15 So when they had finished breakfast, Jesus *said to Simon Peter, “Simon, son of John, do you love Me more than these?” He *said to Him, “Yes, Lord; You know that I love You.” He *said to him, “Tend (feed) My lambs.” 16 He *said to him again a second time, “Simon, son of John, do you love Me?” He *said to Him, “Yes, Lord; You know that I love You.” He *said to him, “Shepherd (protect) My sheep.” 17 He *said to him the third time, “Simon, son of John, do you love Me?” Peter was grieved because He said to him the third time, “Do you love Me?” And he said to Him, “Lord, You know all things; You know that I love You.” Jesus *said to him, “Tend (feed) My sheep. 18 Truly, truly, I say to you, when you were younger, you used to gird yourself and walk wherever you wished; but when you grow old, you will stretch out your hands and someone else will gird you, and bring you where you do not wish to go.” 19 Now this He said, signifying by what kind of death he would glorify God. And when He had spoken this, He *said to him, “Follow Me!”
God redeems our brokenness. This passage deals with the redemption of Peter and his sinfulness via denial of knowing Christ…at least that’s what the scholars say. It’s easy to match up the 3 denials of Peter with the 3 affirmations of Peter here. I’m not denying that this is what was going on, but rather that the scripture doesn’t explicitly say so (even though it is what we conclude). Why didn’t John put this in there? One reason I believe is that it was an intimate exchange between Peter and Jesus. John was just a spectator (verse 20 tells us John was walking behind them during all this). The greater reason I believe this was not brought up is because Peter’s sinfulness was not the point! Jesus already knew that Peter was going to deny Him. He had already forgiven Peter for his actions.
Too often we think we have to “work off” our misdeeds. Our “work” is not to make up for something or to build up some sort of annuity to “cash in” on when we sin. Certainly there are consequences for our sins; every action has an opposite and equal reaction. However, we don’t have to “make up” for our sins because Jesus already did! It’s the freedom of the cross. This is called grace.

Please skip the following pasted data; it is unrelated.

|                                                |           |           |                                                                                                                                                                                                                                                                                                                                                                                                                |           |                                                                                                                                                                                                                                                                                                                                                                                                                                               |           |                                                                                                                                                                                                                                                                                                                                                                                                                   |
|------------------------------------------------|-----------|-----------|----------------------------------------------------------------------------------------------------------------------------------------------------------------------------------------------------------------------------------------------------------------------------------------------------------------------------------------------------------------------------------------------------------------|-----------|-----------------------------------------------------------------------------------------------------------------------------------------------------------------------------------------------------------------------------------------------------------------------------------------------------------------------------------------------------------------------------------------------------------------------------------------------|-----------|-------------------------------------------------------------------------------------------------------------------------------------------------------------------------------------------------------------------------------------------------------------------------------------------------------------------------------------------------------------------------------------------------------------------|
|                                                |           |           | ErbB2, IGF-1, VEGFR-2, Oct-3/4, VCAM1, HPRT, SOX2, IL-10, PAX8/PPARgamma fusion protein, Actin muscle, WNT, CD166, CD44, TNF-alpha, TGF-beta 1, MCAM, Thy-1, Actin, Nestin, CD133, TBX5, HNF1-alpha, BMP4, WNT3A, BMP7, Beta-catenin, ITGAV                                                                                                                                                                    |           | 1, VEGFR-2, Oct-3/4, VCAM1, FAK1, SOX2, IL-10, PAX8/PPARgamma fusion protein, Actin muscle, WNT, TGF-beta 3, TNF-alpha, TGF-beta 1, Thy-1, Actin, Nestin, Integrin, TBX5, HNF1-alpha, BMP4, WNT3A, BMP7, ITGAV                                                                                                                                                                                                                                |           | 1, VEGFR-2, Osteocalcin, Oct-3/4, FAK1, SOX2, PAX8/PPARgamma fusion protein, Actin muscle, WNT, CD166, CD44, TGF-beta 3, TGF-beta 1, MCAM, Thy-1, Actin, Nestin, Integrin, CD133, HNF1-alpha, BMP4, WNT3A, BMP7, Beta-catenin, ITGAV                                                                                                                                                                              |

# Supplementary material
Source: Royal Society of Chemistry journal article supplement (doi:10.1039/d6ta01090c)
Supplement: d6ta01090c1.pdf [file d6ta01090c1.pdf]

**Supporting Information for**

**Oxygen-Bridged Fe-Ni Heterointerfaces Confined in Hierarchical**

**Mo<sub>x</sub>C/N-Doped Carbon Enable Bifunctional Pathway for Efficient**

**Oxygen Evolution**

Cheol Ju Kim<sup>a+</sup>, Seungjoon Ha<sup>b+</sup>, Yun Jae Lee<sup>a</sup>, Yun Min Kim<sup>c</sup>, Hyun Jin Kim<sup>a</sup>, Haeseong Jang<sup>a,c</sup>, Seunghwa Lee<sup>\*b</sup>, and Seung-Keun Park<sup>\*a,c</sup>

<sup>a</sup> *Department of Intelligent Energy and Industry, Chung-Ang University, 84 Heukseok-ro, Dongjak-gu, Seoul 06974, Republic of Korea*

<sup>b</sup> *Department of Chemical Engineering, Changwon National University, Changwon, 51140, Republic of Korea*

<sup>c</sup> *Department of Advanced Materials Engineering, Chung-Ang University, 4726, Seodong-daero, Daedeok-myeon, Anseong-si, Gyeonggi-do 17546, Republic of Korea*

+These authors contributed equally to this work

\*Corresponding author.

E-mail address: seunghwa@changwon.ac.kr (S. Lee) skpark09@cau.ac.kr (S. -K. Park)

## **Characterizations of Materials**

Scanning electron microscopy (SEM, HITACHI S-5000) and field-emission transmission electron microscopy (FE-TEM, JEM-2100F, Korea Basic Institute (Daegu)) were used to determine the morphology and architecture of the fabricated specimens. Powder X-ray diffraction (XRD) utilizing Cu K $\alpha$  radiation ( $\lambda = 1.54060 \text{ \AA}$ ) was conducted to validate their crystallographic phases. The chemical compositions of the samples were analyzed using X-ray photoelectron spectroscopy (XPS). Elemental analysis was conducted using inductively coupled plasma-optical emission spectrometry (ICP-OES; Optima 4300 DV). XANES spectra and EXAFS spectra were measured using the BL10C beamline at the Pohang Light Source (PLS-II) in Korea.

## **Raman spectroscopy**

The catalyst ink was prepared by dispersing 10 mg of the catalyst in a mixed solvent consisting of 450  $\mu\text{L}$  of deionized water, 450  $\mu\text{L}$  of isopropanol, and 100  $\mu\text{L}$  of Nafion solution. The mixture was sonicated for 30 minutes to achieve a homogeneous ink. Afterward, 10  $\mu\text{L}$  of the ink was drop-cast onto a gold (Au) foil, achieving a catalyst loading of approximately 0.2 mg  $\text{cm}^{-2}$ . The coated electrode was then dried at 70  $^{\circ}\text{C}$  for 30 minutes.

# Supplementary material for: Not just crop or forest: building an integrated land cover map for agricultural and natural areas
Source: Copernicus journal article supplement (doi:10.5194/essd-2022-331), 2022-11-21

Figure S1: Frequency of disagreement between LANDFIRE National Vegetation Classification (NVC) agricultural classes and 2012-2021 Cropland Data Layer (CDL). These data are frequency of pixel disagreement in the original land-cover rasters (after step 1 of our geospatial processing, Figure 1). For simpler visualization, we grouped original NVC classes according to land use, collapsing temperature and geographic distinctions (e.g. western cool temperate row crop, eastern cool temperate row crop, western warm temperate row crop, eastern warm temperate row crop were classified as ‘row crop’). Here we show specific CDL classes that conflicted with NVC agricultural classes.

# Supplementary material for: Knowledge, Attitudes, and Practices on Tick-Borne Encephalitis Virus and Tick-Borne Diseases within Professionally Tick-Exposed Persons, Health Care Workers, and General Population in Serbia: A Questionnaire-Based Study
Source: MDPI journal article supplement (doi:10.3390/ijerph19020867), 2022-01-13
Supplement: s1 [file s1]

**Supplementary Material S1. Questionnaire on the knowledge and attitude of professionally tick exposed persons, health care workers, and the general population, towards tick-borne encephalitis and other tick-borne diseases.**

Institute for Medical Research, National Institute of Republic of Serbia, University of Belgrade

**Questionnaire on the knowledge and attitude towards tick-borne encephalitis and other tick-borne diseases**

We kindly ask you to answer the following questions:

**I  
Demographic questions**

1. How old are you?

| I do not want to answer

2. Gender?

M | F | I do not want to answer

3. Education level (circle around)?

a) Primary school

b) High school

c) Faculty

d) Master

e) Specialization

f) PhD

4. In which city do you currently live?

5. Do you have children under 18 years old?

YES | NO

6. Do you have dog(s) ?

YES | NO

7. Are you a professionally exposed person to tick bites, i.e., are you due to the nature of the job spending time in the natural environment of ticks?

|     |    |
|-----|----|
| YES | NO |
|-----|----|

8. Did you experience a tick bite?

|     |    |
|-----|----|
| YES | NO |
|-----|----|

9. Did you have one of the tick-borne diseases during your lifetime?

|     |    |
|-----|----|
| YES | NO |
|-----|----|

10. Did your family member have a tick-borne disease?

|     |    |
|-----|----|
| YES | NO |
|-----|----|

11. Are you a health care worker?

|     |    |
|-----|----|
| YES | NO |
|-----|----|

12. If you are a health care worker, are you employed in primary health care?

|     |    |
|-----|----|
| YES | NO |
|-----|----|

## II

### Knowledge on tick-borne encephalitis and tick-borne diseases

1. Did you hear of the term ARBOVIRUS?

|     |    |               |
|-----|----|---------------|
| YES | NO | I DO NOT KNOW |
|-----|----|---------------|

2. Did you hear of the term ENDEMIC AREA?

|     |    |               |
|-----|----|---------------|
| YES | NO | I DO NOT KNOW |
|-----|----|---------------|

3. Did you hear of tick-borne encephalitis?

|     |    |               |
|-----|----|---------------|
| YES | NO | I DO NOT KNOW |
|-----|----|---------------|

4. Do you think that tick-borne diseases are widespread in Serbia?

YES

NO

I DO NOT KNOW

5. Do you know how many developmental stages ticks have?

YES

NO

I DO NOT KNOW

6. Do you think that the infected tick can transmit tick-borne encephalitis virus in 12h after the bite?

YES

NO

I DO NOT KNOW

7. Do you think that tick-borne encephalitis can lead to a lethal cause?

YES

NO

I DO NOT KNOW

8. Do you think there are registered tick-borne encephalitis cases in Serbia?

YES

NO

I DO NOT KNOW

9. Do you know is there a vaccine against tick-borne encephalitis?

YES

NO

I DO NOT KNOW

In Philippians 3:13, Paul says, “Brethren, I do not regard myself as having laid hold of it (referring to perfection or spiritual maturity) yet; but one thing I do: forgetting what lies behind and reaching forward to what lies ahead…” Paul here is reflecting exactly what is happening in this exchange between Jesus and Peter. Jesus isn’t talking about the past (good or bad), rather He is looking forward and showing Peter what He sees. Not only does He talk about Peter being a pastor and teacher, but also that he will die and unpleasant death. He will be killed by others because of his love for Jesus. What does Jesus say? “Follow me!”
Have you lost sight of God’s redeeming love? Are you trying to earn penance by working off the debt of your sin? You can’t! For one, nothing we bring to the table is good or pure enough and secondly…it’s already been paid! How can you pay a debt that is already paid? Stop trying to utilize a system that is obsolete and fruitless. Stop trying to work off a debt that is already paid. God paid the price for our sinfulness so we no longer have to worry about working it off, but so that we can use that time and effort instead to have a relationship with Him.